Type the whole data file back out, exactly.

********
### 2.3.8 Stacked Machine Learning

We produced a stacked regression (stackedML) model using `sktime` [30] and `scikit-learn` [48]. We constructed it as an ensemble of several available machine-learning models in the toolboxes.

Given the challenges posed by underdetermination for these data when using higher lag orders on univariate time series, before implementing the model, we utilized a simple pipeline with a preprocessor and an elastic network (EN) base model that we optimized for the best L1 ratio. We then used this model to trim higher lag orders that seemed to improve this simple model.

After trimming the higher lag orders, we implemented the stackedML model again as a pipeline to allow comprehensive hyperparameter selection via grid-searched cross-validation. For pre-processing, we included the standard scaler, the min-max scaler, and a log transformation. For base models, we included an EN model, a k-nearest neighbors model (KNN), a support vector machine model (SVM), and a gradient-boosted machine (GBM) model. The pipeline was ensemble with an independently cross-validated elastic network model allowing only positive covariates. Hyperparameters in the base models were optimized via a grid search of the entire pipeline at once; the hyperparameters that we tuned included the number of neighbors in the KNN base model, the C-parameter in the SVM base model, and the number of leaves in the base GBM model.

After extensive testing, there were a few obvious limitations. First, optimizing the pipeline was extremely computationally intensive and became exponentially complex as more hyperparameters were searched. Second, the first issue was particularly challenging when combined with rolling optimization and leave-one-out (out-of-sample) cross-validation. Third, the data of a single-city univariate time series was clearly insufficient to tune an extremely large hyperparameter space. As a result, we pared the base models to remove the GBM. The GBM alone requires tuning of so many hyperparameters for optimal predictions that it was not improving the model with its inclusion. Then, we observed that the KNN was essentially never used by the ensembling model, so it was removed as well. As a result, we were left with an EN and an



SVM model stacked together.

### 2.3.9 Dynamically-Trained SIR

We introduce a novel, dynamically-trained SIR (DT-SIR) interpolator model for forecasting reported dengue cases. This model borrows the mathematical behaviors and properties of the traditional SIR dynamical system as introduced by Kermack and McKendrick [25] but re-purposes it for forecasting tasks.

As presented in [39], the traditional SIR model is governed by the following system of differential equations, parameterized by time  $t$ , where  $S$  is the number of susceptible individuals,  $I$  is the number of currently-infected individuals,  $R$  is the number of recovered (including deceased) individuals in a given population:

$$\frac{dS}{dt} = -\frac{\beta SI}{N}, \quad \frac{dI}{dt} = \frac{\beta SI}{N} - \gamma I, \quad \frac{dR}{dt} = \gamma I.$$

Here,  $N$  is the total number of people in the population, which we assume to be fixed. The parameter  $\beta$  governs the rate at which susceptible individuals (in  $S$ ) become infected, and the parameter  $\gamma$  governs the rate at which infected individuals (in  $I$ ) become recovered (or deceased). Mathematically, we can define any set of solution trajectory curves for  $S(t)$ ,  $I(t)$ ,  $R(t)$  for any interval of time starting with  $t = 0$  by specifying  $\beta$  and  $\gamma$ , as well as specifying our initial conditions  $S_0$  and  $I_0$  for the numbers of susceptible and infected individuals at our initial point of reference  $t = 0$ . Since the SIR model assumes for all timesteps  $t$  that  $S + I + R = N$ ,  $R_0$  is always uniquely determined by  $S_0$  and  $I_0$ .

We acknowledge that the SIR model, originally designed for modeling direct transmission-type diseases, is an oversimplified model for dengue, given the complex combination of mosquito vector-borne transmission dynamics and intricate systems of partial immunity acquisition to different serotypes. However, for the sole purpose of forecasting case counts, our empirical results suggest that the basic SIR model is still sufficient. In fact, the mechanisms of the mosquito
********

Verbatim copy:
### 2.3.8 Stacked Machine Learning

We produced a stacked regression (stackedML) model using `sktime` [30] and `scikit-learn` [48]. We constructed it as an ensemble of several available machine-learning models in the toolboxes.

Given the challenges posed by underdetermination for these data when using higher lag orders on univariate time series, before implementing the model, we utilized a simple pipeline with a preprocessor and an elastic network (EN) base model that we optimized for the best L1 ratio. We then used this model to trim higher lag orders that seemed to improve this simple model.

After trimming the higher lag orders, we implemented the stackedML model again as a pipeline to allow comprehensive hyperparameter selection via grid-searched cross-validation. For pre-processing, we included the standard scaler, the min-max scaler, and a log transformation. For base models, we included an EN model, a k-nearest neighbors model (KNN), a support vector machine model (SVM), and a gradient-boosted machine (GBM) model. The pipeline was ensemble with an independently cross-validated elastic network model allowing only positive covariates. Hyperparameters in the base models were optimized via a grid search of the entire pipeline at once; the hyperparameters that we tuned included the number of neighbors in the KNN base model, the C-parameter in the SVM base model, and the number of leaves in the base GBM model.

After extensive testing, there were a few obvious limitations. First, optimizing the pipeline was extremely computationally intensive and became exponentially complex as more hyperparameters were searched. Second, the first issue was particularly challenging when combined with rolling optimization and leave-one-out (out-of-sample) cross-validation. Third, the data of a single-city univariate time series was clearly insufficient to tune an extremely large hyperparameter space. As a result, we pared the base models to remove the GBM. The GBM alone requires tuning of so many hyperparameters for optimal predictions that it was not improving the model with its inclusion. Then, we observed that the KNN was essentially never used by the ensembling model, so it was removed as well. As a result, we were left with an EN and an



SVM model stacked together.

### 2.3.9 Dynamically-Trained SIR

We introduce a novel, dynamically-trained SIR (DT-SIR) interpolator model for forecasting reported dengue cases. This model borrows the mathematical behaviors and properties of the traditional SIR dynamical system as introduced by Kermack and McKendrick [25] but re-purposes it for forecasting tasks.

As presented in [39], the traditional SIR model is governed by the following system of differential equations, parameterized by time  $t$ , where  $S$  is the number of susceptible individuals,  $I$  is the number of currently-infected individuals,  $R$  is the number of recovered (including deceased) individuals in a given population:

$$\frac{dS}{dt} = -\frac{\beta SI}{N}, \quad \frac{dI}{dt} = \frac{\beta SI}{N} - \gamma I, \quad \frac{dR}{dt} = \gamma I.$$

Here,  $N$  is the total number of people in the population, which we assume to be fixed. The parameter  $\beta$  governs the rate at which susceptible individuals (in  $S$ ) become infected, and the parameter  $\gamma$  governs the rate at which infected individuals (in  $I$ ) become recovered (or deceased). Mathematically, we can define any set of solution trajectory curves for  $S(t)$ ,  $I(t)$ ,  $R(t)$  for any interval of time starting with  $t = 0$  by specifying  $\beta$  and  $\gamma$ , as well as specifying our initial conditions  $S_0$  and  $I_0$  for the numbers of susceptible and infected individuals at our initial point of reference  $t = 0$ . Since the SIR model assumes for all timesteps  $t$  that  $S + I + R = N$ ,  $R_0$  is always uniquely determined by  $S_0$  and  $I_0$ .

We acknowledge that the SIR model, originally designed for modeling direct transmission-type diseases, is an oversimplified model for dengue, given the complex combination of mosquito vector-borne transmission dynamics and intricate systems of partial immunity acquisition to different serotypes. However, for the sole purpose of forecasting case counts, our empirical results suggest that the basic SIR model is still sufficient. In fact, the mechanisms of the mosquito